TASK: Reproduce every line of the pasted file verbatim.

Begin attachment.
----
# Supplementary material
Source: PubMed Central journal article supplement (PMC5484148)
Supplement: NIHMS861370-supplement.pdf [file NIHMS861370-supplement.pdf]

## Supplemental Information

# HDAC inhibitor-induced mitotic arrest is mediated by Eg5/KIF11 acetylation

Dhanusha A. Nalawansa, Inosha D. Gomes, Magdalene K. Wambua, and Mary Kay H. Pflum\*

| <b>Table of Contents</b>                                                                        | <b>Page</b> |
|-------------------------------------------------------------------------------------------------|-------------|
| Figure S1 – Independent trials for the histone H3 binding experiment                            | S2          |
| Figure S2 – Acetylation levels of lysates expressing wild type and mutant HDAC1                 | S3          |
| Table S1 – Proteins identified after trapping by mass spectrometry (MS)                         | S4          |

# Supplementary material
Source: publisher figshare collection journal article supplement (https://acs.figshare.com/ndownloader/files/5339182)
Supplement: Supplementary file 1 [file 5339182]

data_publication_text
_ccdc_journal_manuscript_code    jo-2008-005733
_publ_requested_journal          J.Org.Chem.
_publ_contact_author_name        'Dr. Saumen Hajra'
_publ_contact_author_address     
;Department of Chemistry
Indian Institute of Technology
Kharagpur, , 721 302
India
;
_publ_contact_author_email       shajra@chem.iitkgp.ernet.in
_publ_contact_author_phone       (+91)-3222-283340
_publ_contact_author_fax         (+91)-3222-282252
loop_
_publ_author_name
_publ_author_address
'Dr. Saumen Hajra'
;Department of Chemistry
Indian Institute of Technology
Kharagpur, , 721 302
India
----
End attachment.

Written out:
# Supplementary material
Source: PubMed Central journal article supplement (PMC5484148)
Supplement: NIHMS861370-supplement.pdf [file NIHMS861370-supplement.pdf]

## Supplemental Information

# HDAC inhibitor-induced mitotic arrest is mediated by Eg5/KIF11 acetylation

Dhanusha A. Nalawansa, Inosha D. Gomes, Magdalene K. Wambua, and Mary Kay H. Pflum\*

| <b>Table of Contents</b>                                                                        | <b>Page</b> |
|-------------------------------------------------------------------------------------------------|-------------|
| Figure S1 – Independent trials for the histone H3 binding experiment                            | S2          |
| Figure S2 – Acetylation levels of lysates expressing wild type and mutant HDAC1                 | S3          |
| Table S1 – Proteins identified after trapping by mass spectrometry (MS)                         | S4          |

# Supplementary material
Source: publisher figshare collection journal article supplement (https://acs.figshare.com/ndownloader/files/5339182)
Supplement: Supplementary file 1 [file 5339182]

data_publication_text
_ccdc_journal_manuscript_code    jo-2008-005733
_publ_requested_journal          J.Org.Chem.
_publ_contact_author_name        'Dr. Saumen Hajra'
_publ_contact_author_address     
;Department of Chemistry
Indian Institute of Technology
Kharagpur, , 721 302
India
;
_publ_contact_author_email       shajra@chem.iitkgp.ernet.in
_publ_contact_author_phone       (+91)-3222-283340
_publ_contact_author_fax         (+91)-3222-282252
loop_
_publ_author_name
_publ_author_address
'Dr. Saumen Hajra'
;Department of Chemistry
Indian Institute of Technology
Kharagpur, , 721 302
India